Abloh the Appropriator? Amid Virgil Abloh's Recent Runway Success Come Claims of Copycatting

Virgil Abloh speaks on stage at the WSJ. Magazine 2018 Innovator Awards Sponsored By Harry Winston, FlexJet & Barneys New York - Inside at MOMA on November 7, 2018 in New York City.
Virgil Abloh speaks on stage at the WSJ. Magazine 2018 Innovator Awards Sponsored By Harry Winston, FlexJet & Barneys New York - Inside at MOMA on November 7, 2018 in New York City.
Photo: Bennett Raglin (Getty Images for WSJ. Magazine Innovators Awards)

Damn, damn, damn.

While we were still applauding the seemingly unstoppable force that is Virgil Abloh for bringing it “Home” with his Wiz-inspired second collection for Louis Vuitton, some very valid questions arose about the much-lauded designer’s inspirations. While fashion is nothing if not derivative—and plagiarism is nothing new at all—sadly, these allegations come from within the ranks of the black fashion community.


Model-turned-accessories designer Michelle Elie was the first to call out Abloh (this round), after Off-White’s Fall-Winter 2019-2020 collection titled “Public Television” premiered during Paris Fashion Week. Specifically, Elie accused Abloh of ripping off designs her son’s line COLRS sent down the runway for Lagos Fall-Winter Fashion Week 2018.

Crying, “FAKE FASHION,” Elie called the Fashion Police (otherwise known as Diet Prada), providing side-by-side comparisons of the designs in question. You can see them emerge on the Off-White runway at around the 8-minute mark. (And yes, that is Offset on Abloh’s runway.)

Frankly, we think both designers owe a healthy nod to Basquiat, but the evidence is indeed pretty damning, particularly the color schemes and shapes. Furthermore, once Diet Prada was on the case, they also identified another ripoff—of Manchester label Gramm, whose logo graphic was seemingly repurposed for Off-White’s. (Scroll through below.)



“It could be a coincidence, but Virgil has been known to swipe designs from the fans he meets, some of who happen to be young creatives themselves,” Diet Prada captioned their discoveries. “Interestingly enough, [designer of COLRS] @punkzec met Virgil prior to one of his presentations in Paris in 2017. Think they talked design?” they coyly added.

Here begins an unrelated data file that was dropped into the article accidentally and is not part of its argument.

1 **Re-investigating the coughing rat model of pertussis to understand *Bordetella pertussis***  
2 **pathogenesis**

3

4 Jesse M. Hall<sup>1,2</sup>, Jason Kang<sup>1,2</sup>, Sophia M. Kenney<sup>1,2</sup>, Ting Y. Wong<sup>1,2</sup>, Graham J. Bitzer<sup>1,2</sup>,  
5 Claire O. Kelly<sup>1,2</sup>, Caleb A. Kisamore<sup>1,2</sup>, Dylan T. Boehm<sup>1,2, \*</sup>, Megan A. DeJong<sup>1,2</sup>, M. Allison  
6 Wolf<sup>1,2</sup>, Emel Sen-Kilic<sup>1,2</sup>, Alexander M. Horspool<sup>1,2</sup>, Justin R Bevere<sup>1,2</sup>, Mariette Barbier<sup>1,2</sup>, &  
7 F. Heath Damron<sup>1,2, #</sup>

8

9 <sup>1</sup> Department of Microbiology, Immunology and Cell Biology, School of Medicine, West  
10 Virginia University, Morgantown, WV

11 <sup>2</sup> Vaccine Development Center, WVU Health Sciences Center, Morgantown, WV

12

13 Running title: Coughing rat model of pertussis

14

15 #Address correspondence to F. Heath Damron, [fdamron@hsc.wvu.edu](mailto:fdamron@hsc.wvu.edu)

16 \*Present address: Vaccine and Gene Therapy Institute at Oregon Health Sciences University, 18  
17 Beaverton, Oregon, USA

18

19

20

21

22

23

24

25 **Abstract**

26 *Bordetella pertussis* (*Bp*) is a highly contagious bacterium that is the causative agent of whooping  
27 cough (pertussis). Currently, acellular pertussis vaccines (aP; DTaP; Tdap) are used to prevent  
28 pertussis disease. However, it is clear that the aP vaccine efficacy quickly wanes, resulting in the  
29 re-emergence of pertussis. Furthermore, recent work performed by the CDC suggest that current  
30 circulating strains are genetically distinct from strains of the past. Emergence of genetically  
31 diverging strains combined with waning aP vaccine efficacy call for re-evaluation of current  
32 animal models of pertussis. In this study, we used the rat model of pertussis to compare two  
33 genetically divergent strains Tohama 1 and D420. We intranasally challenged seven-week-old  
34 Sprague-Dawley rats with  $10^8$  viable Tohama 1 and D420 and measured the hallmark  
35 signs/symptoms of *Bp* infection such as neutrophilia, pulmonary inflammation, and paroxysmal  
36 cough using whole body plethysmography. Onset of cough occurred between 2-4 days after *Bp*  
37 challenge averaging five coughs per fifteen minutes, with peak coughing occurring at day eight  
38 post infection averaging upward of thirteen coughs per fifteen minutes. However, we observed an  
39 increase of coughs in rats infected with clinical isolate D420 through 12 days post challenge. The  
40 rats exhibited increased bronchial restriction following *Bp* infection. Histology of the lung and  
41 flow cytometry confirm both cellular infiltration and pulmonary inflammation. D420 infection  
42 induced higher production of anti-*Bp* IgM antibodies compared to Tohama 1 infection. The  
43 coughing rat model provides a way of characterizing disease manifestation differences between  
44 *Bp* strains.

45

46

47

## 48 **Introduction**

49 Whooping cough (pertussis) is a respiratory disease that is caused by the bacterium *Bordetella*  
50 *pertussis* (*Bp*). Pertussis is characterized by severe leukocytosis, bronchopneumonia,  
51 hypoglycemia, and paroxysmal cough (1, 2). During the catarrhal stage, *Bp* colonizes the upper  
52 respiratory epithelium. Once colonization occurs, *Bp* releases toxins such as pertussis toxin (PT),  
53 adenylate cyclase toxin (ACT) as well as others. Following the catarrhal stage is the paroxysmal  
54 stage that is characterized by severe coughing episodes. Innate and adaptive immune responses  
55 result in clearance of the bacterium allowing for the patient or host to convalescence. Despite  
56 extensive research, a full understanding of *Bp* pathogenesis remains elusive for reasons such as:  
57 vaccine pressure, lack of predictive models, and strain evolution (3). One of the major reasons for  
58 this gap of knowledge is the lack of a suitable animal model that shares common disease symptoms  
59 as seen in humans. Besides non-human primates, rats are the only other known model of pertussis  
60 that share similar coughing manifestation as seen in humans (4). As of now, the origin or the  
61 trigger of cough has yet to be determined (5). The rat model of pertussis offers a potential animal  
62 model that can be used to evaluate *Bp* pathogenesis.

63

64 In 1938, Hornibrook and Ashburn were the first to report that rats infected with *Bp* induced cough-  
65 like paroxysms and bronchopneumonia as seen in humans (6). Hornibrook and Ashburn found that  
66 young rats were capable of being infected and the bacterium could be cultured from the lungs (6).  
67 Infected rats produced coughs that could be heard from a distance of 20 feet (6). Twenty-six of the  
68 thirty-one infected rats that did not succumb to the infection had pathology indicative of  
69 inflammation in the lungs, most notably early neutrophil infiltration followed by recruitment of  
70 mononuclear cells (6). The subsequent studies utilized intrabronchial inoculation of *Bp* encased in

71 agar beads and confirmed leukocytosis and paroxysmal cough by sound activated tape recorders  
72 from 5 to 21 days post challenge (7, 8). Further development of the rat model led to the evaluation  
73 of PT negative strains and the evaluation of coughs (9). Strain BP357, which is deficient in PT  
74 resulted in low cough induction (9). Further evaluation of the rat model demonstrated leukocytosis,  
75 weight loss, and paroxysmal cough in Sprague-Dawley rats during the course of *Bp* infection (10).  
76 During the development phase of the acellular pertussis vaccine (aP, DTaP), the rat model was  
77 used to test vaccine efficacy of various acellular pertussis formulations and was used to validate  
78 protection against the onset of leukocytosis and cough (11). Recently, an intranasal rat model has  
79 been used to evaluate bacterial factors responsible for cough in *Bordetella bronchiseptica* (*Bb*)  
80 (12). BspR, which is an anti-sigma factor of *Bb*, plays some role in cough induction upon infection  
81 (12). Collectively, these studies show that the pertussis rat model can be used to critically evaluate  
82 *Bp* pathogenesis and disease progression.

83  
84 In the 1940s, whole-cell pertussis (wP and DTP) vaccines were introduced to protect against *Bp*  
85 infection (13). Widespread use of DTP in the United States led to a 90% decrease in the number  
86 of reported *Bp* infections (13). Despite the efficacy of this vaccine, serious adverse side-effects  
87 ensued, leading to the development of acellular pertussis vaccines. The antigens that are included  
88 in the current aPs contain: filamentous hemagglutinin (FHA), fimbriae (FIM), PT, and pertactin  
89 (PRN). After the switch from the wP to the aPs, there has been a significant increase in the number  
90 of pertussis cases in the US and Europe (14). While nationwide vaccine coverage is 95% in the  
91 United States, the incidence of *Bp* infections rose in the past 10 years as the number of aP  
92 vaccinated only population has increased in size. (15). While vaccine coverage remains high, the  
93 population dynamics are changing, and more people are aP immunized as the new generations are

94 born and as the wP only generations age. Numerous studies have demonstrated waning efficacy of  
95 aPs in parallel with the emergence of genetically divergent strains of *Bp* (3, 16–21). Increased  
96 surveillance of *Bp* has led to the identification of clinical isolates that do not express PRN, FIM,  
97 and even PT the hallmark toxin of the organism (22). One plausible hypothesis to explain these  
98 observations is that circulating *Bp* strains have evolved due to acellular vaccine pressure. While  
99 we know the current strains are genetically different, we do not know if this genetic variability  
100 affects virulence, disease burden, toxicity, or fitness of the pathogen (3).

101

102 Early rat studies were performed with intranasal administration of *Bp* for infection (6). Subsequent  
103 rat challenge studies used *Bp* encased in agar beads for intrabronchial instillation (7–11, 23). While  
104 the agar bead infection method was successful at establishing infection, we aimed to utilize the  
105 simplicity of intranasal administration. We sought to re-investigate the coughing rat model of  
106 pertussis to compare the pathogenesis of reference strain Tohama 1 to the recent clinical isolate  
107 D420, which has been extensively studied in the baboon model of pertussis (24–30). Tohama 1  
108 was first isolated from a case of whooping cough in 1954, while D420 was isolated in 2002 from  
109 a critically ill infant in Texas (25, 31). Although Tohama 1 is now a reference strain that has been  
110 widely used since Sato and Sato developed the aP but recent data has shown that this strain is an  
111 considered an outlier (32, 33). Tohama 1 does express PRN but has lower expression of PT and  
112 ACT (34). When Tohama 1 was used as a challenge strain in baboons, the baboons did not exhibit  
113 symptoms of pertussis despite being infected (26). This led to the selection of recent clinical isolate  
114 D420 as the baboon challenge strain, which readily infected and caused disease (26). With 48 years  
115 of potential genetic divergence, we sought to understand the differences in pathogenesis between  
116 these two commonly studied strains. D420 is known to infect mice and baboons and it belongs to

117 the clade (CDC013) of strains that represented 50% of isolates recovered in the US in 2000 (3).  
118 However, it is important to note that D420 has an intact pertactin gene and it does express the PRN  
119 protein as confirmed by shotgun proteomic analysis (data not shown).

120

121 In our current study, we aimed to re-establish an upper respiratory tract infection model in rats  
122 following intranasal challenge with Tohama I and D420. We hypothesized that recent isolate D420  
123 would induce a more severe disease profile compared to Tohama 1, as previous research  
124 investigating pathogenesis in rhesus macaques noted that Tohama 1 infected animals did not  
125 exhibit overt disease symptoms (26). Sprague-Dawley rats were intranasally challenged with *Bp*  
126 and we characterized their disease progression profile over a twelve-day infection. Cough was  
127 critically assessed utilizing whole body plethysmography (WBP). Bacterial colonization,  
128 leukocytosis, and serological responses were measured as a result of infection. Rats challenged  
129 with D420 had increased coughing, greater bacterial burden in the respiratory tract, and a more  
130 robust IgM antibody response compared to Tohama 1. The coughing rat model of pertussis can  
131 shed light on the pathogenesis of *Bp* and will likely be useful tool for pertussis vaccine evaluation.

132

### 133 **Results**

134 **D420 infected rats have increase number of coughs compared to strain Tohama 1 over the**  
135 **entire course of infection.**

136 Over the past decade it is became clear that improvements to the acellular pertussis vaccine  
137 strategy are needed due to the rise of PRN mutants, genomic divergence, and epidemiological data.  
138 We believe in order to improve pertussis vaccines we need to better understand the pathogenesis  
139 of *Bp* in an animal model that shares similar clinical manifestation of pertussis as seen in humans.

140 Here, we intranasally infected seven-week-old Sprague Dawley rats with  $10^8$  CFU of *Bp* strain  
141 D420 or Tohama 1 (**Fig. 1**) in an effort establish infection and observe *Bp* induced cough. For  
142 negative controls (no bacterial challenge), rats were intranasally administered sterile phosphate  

Again, yikes.

It’s an interesting and ironic twist on Abloh, who has admitted to suffering imposter syndrome as his profile in the fashion industry has not only grown, but exploded. Though he interned at Fendi alongside good friend Kanye, later helping to launch Ye’s now-defunct line Pastelle and later, Yeezy, Abloh’s ascension into the big leagues came via his own line, Off-White. His seemingly innovative, on-the-nose designs catapulted him into the fashion elite—and last year, secured him the bag as creative director of menswear for legacy French luxury house Louis Vuitton.


But is the pressure causing him to plagiarize?

Because how creative is Abloh, really? Aside from the obvious influences in his latest Off-White presentation, another fashion-watcher caught yet another direct rip from yet another black designer in last week’s presentation for Louis Vuitton—which might explain why we felt such a kinship with the collection. Since we regularly cover both designers, we’re kicking ourselves for not noticing it ourselves, but damn if the American flag scarf Abloh sent down the runway last week isn’t a grayscale version of the one Kerby Jean-Raymond designed for Pyer Moss in his “American, Also” Fall-Winter 2018-19 collection.


Virgil, baby. What is you doing? That’s the question this writer and fashion lover is asking, as I so desperately want all these black designers to win—but not by any means necessary, and certainly not by ripping each other off (particularly not for French fashion houses, Virgil).


But once again, we are reminded to beware false idols. Only time will tell if Abloh really has the goods to maintain legitimacy and longevity, but hopefully, he’s now fully aware that these fashion streets are watching.

Then again, maybe the joke’s been on us all along.

Maiysha Kai is Managing Editor of The Glow Up, co-host of The Root Presents: It's Lit! podcast, and your average Grammy-nominated goddess next door...May I borrow some sugar?



There’s a saying, “steal like an artist”. No one lives in a vacuum and it’s totally possible for someone to not even realise that an idea they thought was original was actually influenced or inspired by something they saw/heard. We need to stop fetishising originality because the vast majority of art plays off other people’s ideas/concepts, etc.

There’s another quote I love, “art is what you can get away with”.

When you look at the yellow designs, I agree both owe a lot to Basquiat, neither is really original. And maybe COLRS came up with it first but his yellow designs look like amateur hour, like a home ec project gone wrong, whereas Abloh’s take on the idea was better executed and the scrawling and lettering actually work. 

The stars and stripes scarf accusation is just bullshit, that shit has been done by dozens of designers, Pyer Moss’ scarf is already a copy of a copy. Plus, Abloh actually did something interesting with the design whereas Pyer Moss’ literal take on it looks like shit sold to tourists on NYC street corners.